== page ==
One of the more pernicious ideas that has entered modern conscience is that form doesn’t matter. That provided you get the “substance” right, it doesn’t matter how you do it. We see the tentacles of this odious concept intrude into all forms of life, whether it be the law, politics, or interpersonal relationships.
Perhaps no-where is it more readily evident, however, than in the sphere of religion.
I had the privilege to attend the Pontifical Solemn High Mass at the Basilica of the National Shrine of the Immaculate Conception (aka Tradstock); the first Extraordinary Form Mass held there in 50 years. Despite not being a a member of the Church of Rome, and indeed generally being quite critical of it (yeah, I’m a filioque hawk), I was still deeply impressed and moved by the beauty and solemnity of the event, and thought I would offer a few words of comment.
As tempting as it is, I shall not use this as an opportunity to opine on the beauty of the traditional liturgy, or the importance of ensuring the House of God is actually treated as such. Rather, I shall stick to the more abstract point of why such things are of importance. Specifically, that form matters.
So many people in our society say “well, it doesn’t matter about the external form, it’s what you intend that is important”.
Well no, it doesn’t work like that. Form does matter, and it matters greatly. Because the external directly affects the internal. The way we present ourselves, the way we act publicly, affects who we are. If the Sacred Mass is replaced with a caricature of what it should be, whether using puppets or dancing deacons (and don’t even get me started on the “Holy Ghost Hokey Pokey”), then this actually affects stuff. If you abolish ad orientem, and turn the celebrant into some sort of magician-performer playing for the crowd, then this has consequences.
The liturgical poverty of the Church of Rome in the last few decades has had profound consequences for the spirituality of their flock. The way you present yourself in the House of God has a direct effect on how you worship. The fact that this isn’t actually obvious to all really does baffle me.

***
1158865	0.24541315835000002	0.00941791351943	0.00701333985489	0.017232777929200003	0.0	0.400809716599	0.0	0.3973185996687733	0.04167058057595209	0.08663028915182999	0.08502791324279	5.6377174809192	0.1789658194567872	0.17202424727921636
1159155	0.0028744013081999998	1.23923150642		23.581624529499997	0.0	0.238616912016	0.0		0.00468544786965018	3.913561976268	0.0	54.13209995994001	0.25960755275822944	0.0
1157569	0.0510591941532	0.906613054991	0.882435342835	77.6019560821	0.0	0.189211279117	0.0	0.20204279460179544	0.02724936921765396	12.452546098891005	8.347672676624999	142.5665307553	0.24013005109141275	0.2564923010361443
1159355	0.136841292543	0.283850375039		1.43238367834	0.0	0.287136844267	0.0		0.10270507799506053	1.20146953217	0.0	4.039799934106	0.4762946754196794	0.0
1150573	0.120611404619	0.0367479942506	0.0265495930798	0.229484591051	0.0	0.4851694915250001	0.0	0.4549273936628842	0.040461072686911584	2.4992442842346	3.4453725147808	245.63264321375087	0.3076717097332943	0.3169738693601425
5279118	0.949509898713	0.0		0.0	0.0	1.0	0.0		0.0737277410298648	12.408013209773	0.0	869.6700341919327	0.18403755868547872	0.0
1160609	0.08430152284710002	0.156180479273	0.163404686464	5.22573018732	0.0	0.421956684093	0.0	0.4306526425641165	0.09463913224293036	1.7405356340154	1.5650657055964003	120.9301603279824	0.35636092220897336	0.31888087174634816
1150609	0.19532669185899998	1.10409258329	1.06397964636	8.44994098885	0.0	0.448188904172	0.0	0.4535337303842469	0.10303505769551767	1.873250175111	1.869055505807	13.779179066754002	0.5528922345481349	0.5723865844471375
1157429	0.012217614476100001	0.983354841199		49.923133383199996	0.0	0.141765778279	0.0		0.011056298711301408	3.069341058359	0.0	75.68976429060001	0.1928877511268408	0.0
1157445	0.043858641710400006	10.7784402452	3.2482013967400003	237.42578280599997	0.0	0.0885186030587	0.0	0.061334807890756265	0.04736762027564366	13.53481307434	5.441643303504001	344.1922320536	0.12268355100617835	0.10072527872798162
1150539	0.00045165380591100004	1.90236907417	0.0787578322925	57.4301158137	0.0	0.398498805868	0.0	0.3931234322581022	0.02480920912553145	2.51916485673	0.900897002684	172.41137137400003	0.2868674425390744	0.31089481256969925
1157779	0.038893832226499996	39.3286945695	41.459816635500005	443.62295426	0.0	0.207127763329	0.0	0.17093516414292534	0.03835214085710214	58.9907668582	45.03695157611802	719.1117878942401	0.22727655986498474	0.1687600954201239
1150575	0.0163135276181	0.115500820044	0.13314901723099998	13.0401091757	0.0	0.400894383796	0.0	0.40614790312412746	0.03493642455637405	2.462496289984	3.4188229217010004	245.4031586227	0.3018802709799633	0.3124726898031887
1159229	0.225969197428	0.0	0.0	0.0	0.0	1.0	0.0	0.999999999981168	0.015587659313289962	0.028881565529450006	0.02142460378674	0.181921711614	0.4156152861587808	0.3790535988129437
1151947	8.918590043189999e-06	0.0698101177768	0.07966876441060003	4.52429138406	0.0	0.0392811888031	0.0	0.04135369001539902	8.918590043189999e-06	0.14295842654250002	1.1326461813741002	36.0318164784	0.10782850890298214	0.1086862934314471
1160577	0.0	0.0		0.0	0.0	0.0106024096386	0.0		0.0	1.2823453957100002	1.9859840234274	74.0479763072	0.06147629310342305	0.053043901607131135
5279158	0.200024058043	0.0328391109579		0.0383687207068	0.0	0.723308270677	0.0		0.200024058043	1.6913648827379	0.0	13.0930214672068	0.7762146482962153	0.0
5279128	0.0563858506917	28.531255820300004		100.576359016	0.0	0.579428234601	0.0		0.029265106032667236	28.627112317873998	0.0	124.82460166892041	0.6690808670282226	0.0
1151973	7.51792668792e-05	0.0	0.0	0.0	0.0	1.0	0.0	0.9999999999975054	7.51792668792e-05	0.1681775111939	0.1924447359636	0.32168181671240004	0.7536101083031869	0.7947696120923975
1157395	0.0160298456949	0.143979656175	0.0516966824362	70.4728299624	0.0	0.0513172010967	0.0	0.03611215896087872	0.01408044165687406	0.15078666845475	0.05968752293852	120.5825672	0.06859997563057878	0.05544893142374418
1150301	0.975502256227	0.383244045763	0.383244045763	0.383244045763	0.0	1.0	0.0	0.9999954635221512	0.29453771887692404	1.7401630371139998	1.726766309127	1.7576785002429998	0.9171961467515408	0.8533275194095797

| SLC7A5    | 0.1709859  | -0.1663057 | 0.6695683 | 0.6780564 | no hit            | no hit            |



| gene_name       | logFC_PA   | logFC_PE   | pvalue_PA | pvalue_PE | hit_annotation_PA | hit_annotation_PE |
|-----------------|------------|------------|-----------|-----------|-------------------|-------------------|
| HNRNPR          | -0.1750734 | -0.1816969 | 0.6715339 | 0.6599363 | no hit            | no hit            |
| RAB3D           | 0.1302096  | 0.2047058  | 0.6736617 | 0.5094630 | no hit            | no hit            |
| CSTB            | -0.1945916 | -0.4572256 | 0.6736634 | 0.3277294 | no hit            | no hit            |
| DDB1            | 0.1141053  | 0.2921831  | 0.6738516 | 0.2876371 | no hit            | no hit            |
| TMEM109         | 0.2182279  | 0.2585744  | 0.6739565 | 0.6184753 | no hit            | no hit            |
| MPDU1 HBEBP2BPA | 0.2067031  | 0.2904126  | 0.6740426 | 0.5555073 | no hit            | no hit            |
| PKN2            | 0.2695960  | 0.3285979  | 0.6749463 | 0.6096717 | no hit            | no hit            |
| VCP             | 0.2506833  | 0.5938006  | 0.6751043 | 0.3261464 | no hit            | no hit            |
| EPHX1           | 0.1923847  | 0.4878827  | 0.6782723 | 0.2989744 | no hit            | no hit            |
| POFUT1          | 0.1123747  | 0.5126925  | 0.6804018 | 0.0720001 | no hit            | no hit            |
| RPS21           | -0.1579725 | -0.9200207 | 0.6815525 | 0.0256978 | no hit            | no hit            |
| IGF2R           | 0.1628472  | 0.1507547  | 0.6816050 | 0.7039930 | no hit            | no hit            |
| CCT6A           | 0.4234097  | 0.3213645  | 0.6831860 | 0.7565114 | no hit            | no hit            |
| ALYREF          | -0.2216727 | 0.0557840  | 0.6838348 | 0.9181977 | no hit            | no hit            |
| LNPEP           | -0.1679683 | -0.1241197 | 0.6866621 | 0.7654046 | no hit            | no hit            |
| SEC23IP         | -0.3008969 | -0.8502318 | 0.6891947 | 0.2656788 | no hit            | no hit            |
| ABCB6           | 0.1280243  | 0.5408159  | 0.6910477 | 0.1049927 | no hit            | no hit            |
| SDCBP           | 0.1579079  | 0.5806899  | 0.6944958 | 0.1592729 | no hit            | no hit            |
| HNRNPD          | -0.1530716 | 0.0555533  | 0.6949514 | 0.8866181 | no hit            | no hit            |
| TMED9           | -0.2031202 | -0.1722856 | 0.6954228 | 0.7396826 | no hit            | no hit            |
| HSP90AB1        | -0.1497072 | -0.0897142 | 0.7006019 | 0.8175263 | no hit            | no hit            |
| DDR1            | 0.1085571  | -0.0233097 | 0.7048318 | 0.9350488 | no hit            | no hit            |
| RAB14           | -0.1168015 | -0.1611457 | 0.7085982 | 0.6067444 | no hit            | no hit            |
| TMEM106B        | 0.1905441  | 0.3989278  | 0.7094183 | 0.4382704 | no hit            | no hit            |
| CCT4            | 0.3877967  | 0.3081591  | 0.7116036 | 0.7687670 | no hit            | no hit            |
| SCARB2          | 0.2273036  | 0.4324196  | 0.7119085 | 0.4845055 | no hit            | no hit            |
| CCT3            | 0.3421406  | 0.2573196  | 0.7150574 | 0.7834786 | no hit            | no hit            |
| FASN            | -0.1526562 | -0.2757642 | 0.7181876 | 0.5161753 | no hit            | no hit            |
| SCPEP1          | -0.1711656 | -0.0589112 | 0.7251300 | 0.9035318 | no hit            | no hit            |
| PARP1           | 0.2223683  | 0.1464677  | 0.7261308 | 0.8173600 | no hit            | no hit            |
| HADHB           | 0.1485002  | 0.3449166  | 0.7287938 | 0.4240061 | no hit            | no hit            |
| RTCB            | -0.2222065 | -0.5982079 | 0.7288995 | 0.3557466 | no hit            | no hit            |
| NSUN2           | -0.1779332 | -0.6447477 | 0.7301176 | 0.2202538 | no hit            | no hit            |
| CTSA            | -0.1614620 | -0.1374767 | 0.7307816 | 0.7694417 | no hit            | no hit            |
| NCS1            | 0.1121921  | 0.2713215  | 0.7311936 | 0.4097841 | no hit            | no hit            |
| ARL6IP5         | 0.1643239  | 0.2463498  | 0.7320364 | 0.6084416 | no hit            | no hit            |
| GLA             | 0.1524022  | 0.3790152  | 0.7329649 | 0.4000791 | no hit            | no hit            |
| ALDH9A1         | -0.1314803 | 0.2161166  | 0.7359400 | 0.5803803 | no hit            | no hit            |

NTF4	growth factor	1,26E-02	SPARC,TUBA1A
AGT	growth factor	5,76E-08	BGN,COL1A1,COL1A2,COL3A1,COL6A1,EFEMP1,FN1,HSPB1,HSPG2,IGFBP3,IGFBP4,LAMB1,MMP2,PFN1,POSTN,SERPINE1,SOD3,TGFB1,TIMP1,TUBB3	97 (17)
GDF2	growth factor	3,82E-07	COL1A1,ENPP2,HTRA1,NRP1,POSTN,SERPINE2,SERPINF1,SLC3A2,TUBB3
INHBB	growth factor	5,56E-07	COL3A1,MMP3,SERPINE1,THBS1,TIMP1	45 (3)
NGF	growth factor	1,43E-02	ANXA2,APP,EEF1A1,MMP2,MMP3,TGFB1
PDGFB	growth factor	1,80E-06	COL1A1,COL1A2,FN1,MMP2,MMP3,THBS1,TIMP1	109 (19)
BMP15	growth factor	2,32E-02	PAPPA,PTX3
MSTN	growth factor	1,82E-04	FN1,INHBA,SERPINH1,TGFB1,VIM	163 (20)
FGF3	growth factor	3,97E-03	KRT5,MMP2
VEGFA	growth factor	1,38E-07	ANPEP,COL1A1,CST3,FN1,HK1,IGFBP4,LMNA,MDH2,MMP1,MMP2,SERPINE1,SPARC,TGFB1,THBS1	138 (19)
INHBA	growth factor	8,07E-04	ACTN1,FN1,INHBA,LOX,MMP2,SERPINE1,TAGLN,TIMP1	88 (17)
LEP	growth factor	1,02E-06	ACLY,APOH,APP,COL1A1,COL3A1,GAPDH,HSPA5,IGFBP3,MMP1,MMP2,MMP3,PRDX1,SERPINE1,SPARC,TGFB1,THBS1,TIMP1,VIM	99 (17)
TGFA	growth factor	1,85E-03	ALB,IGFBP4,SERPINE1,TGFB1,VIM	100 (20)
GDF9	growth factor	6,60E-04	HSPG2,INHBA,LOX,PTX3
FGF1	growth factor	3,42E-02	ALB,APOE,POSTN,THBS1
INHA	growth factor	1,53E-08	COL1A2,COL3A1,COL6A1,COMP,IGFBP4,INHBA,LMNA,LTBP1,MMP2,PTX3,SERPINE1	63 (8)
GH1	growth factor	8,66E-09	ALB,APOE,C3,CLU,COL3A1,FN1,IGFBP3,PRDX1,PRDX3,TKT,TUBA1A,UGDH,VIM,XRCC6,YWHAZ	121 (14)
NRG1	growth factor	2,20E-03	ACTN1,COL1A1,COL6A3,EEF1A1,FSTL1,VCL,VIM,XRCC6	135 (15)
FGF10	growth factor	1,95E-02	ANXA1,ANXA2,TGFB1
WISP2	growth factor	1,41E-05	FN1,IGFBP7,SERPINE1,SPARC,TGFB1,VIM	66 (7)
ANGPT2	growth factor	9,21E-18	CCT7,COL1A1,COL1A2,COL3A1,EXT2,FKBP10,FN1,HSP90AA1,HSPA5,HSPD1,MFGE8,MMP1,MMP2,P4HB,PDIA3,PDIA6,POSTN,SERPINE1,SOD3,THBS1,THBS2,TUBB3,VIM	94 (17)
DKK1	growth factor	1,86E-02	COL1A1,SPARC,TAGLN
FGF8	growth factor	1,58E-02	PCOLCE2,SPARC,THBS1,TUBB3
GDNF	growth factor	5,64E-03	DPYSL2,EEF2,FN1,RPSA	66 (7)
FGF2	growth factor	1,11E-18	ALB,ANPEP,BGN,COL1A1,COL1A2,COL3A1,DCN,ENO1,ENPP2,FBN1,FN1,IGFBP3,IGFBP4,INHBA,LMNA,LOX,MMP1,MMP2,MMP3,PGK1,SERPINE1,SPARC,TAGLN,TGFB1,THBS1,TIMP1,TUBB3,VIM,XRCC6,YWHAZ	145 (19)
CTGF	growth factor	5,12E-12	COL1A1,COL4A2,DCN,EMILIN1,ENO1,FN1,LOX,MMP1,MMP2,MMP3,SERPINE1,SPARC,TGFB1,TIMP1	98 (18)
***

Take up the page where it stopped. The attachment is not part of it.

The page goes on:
Allow me to use an example. Persons unaware of how such things work often query why Orthodox fast, saying it’s simply following rules, at the expense of spirituality. The thing is, that these “external” things you do, this “rule-following” actually has an effect on your deeper spirituality. (I will not claim that engaging in a fast reduces my propensity to sin, but it does at least make me feel a lot more guilty about it!). A friend of mine once stated something along the lines of “if you wear a mask long enough, it seeps into the skin”. Truer words were never spoken. Because the more you are able to keep the form up, the more it affects the substance.
If you choose to throw away centuries of liturgical tradition simply because you think form doesn’t matter, then you throw away something that has the power to shape and affect who you are. You throw away the sanctity and spirituality of the Church – something created by God, and instead replace it with something created by man.
Without the form to guide us, with the form to mould us, we can have no true virtuous substance. As such, the question isn’t “form vs substance”. Rather, it is simply how without form, substance is nothing.
Form matters. A lot.